By Agnieszka Flak and Stefano Rebaudo
MARANELLO, Italy (Reuters) – Ferrari’s <RACE.MI> new boss will explain on Tuesday how he intends to deliver on mid-term targets, aiming to convince investors the supercar maker can maintain the pace set by his illustrious predecessor.
The company’s share price slid more than 8 percent on Aug. 1 after Louis Camilleri said he saw “risks” ahead and described the targets set by previous CEO Sergio Marchionne as “aspirational”.
Marchionne’s sudden death in July jolted investors who had expected the auto industry grandee to remain at the wheel until 2021, having more than doubled Ferrari’s value since taking it public in 2015 and pledged to double core earnings to 2 billion euros (£1.8 billion) by 2022.
Camilleri must now finish scripting a strategy to show how the company known for its racing pedigree and roaring combustion engines can shift towards making a sport utility vehicle (SUV) and hybrid cars while increasing shipments without sacrificing exclusivity.
“Investors are apprehensive that Ferrari may move to a guidance range,” said analysts at Evercore ISI, adding that it would be interpreted as a negative revision if the 2 billion euro figure was at the top end of such a range.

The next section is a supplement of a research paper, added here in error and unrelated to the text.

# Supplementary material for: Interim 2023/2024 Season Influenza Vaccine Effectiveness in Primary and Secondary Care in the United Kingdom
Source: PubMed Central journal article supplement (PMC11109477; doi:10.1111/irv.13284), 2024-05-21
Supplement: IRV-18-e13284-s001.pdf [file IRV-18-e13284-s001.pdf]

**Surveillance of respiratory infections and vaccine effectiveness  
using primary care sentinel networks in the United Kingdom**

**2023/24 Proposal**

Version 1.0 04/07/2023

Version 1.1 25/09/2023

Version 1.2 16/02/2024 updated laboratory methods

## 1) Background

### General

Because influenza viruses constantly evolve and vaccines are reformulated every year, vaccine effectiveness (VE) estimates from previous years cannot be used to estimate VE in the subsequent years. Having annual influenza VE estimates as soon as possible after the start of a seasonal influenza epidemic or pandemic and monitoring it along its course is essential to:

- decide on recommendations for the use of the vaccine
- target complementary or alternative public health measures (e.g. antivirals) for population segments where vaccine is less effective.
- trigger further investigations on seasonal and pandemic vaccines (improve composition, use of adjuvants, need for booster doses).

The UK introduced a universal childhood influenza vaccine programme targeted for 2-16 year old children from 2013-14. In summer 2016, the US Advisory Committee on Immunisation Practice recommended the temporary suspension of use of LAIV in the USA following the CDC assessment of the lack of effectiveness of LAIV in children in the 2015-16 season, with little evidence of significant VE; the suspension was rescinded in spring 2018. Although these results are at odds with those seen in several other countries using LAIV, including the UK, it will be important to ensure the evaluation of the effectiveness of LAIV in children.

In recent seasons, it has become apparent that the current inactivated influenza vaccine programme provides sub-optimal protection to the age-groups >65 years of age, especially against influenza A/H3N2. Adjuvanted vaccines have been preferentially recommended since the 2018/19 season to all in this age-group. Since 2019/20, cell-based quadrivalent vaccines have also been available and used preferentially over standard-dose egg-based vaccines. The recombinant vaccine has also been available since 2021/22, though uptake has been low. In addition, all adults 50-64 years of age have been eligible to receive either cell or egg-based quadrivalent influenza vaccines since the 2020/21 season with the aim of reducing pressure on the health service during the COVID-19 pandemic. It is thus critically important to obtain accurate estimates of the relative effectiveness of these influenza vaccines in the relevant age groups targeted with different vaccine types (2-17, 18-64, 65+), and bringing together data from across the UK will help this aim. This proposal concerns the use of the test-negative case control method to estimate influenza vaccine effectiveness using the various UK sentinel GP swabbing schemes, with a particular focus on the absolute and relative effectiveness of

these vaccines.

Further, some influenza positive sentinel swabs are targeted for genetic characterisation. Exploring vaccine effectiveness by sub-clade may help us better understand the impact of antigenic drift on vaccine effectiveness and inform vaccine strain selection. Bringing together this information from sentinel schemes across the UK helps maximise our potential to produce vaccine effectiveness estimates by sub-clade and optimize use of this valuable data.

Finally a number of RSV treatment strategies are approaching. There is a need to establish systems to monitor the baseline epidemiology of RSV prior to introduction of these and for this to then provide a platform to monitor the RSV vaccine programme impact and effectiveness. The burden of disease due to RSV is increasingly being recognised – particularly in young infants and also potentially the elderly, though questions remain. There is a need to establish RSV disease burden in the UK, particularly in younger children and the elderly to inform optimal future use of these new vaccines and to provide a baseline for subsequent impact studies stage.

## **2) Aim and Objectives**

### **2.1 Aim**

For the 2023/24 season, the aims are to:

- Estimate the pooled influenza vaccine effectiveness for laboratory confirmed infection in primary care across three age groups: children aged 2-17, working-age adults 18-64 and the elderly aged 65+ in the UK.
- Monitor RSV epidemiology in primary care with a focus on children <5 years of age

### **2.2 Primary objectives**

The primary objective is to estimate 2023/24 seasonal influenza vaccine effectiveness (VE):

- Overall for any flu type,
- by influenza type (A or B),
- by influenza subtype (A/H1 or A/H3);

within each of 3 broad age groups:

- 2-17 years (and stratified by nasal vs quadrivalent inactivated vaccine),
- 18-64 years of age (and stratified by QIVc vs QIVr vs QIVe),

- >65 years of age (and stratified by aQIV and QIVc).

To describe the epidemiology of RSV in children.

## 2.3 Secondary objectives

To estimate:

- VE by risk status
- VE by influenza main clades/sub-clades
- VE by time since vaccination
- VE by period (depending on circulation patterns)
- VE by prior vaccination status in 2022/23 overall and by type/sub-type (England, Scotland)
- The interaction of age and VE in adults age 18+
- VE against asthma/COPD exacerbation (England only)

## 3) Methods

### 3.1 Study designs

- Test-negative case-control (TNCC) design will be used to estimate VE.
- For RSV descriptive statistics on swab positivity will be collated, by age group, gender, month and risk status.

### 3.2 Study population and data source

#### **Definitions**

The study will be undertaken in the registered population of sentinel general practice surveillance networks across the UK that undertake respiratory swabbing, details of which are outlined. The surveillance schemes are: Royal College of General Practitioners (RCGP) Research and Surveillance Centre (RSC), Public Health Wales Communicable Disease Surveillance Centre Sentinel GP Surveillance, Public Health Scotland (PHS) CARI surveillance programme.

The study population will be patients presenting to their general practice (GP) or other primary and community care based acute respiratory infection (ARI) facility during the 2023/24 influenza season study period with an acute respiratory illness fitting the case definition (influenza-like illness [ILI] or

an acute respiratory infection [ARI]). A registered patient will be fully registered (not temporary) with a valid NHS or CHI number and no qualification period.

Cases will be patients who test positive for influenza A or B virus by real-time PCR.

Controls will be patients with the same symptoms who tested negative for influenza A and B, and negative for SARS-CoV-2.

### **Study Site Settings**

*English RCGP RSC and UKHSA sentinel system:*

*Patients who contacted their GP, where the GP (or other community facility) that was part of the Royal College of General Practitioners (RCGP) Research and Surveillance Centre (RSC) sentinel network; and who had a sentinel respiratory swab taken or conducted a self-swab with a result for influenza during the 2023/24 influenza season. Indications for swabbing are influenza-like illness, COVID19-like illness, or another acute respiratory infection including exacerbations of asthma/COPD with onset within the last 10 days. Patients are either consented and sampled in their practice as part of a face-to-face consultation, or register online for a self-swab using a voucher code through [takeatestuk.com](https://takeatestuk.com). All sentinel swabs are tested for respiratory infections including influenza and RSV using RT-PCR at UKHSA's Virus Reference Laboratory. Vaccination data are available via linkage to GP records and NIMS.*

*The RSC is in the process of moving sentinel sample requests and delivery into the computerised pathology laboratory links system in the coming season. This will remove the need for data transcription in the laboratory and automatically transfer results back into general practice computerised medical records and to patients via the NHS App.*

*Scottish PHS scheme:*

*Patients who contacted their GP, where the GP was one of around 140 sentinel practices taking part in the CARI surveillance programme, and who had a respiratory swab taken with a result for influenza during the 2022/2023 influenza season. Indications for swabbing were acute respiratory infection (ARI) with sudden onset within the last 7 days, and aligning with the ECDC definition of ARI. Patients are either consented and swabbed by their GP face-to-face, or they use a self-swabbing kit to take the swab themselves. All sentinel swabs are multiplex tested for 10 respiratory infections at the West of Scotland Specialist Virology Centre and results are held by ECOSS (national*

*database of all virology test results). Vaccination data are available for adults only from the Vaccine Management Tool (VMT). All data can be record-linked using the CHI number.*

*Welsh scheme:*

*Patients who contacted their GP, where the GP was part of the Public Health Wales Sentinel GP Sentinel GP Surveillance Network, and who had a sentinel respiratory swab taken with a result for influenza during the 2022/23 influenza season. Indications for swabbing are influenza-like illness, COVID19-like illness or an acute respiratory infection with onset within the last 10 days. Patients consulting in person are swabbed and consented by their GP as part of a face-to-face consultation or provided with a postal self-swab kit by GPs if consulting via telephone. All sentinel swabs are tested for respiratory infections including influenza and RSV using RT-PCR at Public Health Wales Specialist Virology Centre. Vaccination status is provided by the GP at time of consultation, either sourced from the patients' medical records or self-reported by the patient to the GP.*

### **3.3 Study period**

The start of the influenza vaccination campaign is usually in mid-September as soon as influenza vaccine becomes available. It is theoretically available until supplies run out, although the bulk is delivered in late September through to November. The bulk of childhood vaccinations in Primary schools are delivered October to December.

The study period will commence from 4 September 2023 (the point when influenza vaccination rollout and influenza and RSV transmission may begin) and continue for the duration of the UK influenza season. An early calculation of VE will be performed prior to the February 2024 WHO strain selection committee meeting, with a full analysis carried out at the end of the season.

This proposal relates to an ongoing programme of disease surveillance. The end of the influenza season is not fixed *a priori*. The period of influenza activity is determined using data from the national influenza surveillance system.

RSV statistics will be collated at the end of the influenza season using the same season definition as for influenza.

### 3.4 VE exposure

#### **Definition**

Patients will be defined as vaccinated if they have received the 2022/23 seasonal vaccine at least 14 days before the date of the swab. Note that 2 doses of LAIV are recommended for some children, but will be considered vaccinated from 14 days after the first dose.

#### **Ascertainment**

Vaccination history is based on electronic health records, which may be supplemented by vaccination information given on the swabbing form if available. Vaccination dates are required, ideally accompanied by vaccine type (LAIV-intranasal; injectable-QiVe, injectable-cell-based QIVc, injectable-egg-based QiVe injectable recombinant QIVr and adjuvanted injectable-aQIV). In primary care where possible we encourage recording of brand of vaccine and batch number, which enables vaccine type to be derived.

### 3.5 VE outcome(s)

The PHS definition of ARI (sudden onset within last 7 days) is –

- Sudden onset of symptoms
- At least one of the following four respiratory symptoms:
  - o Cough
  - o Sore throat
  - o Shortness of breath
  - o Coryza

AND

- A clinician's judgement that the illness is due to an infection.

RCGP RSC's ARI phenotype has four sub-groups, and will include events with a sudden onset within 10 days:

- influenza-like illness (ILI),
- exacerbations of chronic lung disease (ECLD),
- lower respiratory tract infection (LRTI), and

With profit margins above 30 percent, strong pricing power and an enviable customer waiting list, Camilleri inherits a business firing on all cylinders and is not expected to stray far from his predecessor’s script.
Marchionne had orchestrated Ferrari’s spin-off from parent Fiat Chrysler <FCHA.MI>, positioned it as a luxury brand rather than a carmaker and managed to do what few thought possible: sail through a self-imposed cap of 7,000 cars a year without sacrificing pricing power or its exclusive appeal.
Ferrari has clocked up several years of record earnings, helped by special editions and a customisation programme. However, it could prove tough to maintain the company’s high valuation as emissions rules tighten, capital spending increases and the diverging interests of investors, racing fans, owners and collectors become increasingly difficult to balance.
It has said that a new vehicle would be unveiled at Tuesday’s event at its Maranello headquarters. Ferrari did not divulge details, but some investors expect a new range aimed at a larger demographic by focusing on characteristics other than extreme performance.
The company is also expected to provide details of its strategy on hybrid vehicles and an SUV, potentially leading to substantial growth in car sales. Some analysts expect annual shipments could reach as many as 15,000 by 2022.
While investors said they are confident Ferrari will continue to power ahead over the next 12-24 months by virtue of strong fundamentals, it could prove difficult to improve a valuation already riding on multiples higher than any other automaker and above many luxury goods companies.
(Editing by David Goodman)